Merchants of Doubt is one of those books that fits my cynical worldview quite well. It says that those who most influence public opinion—especially on the right—are commonly lying, motivated either by a blind commitment to their ideology or more often by the simple fact that that’s what they’re paid to do. Further, that as a result of this, public discourse, particularly on scientific matters, is skewed in a direction friendly to those in a position to buy such unscrupulous spokespersons, where even if the bad guys don’t “win” a debate, they can at least create the false impression that there exists some controversy about it, putting non-experts in a position of “Well, some people who sound like they know what they’re talking about say x, and some say not-x, so evidently there’s enough uncertainty about this that it would be wrong to take action yet.”
The phony notion that creationism has any scientific standing as an alternative to evolution is an obvious example of this phenomenon, but this book focuses not so much on tendentious bullshit motivated by religious ideology as tendentious bullshit motivated by political ideology and/or money.
Though the book fits what I already believed about such things as people’s willingness to enlist as corporate shills when bribed sufficiently to do so, that’s not to say that this is all old hat to me. A book like this doesn’t provide me with a new worldview, but it does provide an extensive list of painstakingly researched facts to fill in the specifics of that worldview.
Among the points the authors make is that there are a fairly small number of scientists who keep getting recycled when corporations need someone credentialed to step forward and lie for them. Many of these folks—Fred Singer, for one—cut their teeth on the tobacco issue, spending years or decades facilitating the tobacco industries’ macabre campaign to profitably create addicts who’d slowly kill themselves. But from there they moved on to acid rain, the damage done by chlorofluorocarbons to the ozone, climate change, and whatever other issues the right needed them to chime in on.
Typically they weren’t taken seriously in the scientific community as experts on the issue in question. (It’s true they were scientists, but generally whatever significant work they’d done had been in the distant past and not in the specialized areas where the politically hot issues happened to develop.) But they were taken seriously in the mainstream media as representing a legitimate point of view with substantial scientific backing, due to the fact that mainstream media outlets tend to be either just as dishonest in pushing a right wing agenda as them, or to be trapped in a “he said, she said” phony model of objectivity that they think obligates them to simply pass along the views of proponents of “both sides” of any issue of controversy.
So the public is tricked into thinking that there is no scientific consensus in areas where in fact there is.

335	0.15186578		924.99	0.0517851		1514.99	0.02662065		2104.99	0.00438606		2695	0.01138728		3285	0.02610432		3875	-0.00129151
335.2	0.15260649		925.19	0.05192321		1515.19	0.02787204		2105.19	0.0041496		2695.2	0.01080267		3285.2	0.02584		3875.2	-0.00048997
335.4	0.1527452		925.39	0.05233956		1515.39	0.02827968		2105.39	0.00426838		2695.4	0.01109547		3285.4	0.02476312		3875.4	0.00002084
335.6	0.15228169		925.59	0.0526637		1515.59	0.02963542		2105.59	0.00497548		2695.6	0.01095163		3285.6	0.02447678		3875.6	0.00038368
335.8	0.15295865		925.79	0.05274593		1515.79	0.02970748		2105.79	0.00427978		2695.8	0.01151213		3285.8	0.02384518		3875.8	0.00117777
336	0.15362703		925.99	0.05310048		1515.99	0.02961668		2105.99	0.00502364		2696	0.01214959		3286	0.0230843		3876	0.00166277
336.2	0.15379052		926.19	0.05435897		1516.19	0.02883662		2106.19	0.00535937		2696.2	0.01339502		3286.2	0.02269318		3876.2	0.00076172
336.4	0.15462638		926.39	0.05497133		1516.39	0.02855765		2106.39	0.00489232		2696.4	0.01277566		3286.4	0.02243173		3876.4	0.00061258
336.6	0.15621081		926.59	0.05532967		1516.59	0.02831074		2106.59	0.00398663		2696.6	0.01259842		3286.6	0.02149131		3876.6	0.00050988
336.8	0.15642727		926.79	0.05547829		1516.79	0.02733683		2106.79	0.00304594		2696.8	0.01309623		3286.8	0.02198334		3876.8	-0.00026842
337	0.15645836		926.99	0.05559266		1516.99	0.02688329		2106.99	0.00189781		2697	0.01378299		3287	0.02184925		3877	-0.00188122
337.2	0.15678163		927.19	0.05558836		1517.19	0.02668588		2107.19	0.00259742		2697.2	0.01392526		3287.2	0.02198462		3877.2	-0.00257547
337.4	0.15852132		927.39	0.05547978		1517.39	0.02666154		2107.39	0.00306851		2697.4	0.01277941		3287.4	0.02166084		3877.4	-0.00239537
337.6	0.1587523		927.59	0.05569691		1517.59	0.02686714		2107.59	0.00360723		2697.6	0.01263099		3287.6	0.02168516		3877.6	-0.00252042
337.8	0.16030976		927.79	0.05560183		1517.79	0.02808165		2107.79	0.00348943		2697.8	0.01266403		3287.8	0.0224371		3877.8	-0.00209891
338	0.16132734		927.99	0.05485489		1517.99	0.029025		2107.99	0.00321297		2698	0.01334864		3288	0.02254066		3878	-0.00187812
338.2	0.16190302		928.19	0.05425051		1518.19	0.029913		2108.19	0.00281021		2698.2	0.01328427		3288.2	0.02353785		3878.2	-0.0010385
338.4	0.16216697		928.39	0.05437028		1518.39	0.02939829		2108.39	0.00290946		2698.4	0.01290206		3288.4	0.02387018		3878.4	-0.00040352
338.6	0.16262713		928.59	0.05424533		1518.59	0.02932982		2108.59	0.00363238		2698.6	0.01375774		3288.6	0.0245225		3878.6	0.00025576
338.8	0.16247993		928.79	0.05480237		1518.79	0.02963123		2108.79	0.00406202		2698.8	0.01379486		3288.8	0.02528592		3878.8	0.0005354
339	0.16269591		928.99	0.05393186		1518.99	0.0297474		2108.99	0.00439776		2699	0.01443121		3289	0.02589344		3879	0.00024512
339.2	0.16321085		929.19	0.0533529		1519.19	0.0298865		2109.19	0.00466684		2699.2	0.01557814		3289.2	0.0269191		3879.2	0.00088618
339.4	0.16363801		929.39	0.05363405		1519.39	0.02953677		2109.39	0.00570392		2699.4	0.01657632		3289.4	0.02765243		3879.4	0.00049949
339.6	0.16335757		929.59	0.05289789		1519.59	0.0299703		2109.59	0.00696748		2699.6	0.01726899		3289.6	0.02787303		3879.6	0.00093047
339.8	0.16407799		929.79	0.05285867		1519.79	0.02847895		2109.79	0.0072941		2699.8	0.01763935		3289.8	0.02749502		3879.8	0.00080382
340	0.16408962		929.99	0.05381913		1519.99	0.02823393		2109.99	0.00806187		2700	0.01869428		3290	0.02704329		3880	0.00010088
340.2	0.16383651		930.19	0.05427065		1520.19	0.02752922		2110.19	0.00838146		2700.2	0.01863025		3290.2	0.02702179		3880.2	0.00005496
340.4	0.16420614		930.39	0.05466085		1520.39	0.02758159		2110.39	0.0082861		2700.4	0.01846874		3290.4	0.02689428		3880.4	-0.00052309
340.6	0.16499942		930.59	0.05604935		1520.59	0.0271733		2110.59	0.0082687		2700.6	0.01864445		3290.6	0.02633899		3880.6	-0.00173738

As I noted, often they lie because they benefit financially by doing so. In effect they are public relations flacks for industry; they just happen to have science degrees.
But there are also, as the authors state, personal and ideological explanations for some of their behavior. They may be inclined toward contrarianism due to incidents in their personal history (e.g., they were in the minority and felt ignored on some scientific issue early in their career, they felt they were passed over for a job or tenure by some university due to affirmative action policies, etc.), so now they look for ways to stick it to the scientific establishment.
In some cases they’d likely be doing what they’re doing even if they weren’t being paid for it because they have a strong commitment to a right wing political ideology. They may, for instance, be convinced that anyone not as conservative as them—mainstream scientists, for example—is relentlessly working toward goals such as the eradication of capitalism, and cynically using things like environmental issues as means toward those ends. They feel that they then must counter this by any means necessary. Misrepresenting science may seem a small compromise to make to someone convinced that the alternative is to allow a complete makeover of society for the worse.
This is a danger that people of all ideologies face. I think the right has far more liars, but both the right and the left are filled with people who run each issue through their ideological filters to bring it into line with what they want to believe. I’m sure I do that to some extent myself, though as a critical thinker I try to avoid succumbing to such tendencies.
On environmental issues, for instance, while the right dishonestly creates the impression that there is not a scientific consensus about an issue like climate change, many on the left no doubt are immediately persuaded by any industry-bashing environmental claim that comes along, regardless of whether it is based on solid science, or a very speculative set of claims made by a small number of non-scientists or scientists not taken seriously by the bulk of those working in their field.
Merchants of Doubt is a fairly dry book about how public policy is influenced by the powerful and those in their direct or indirect employ. Unless you have an interest in politics and its intersection with science, and unless you agree with or are open to a leftist take on such matters, I doubt this book would hold your interest. But it is a well done and valuable contribution on an important subject.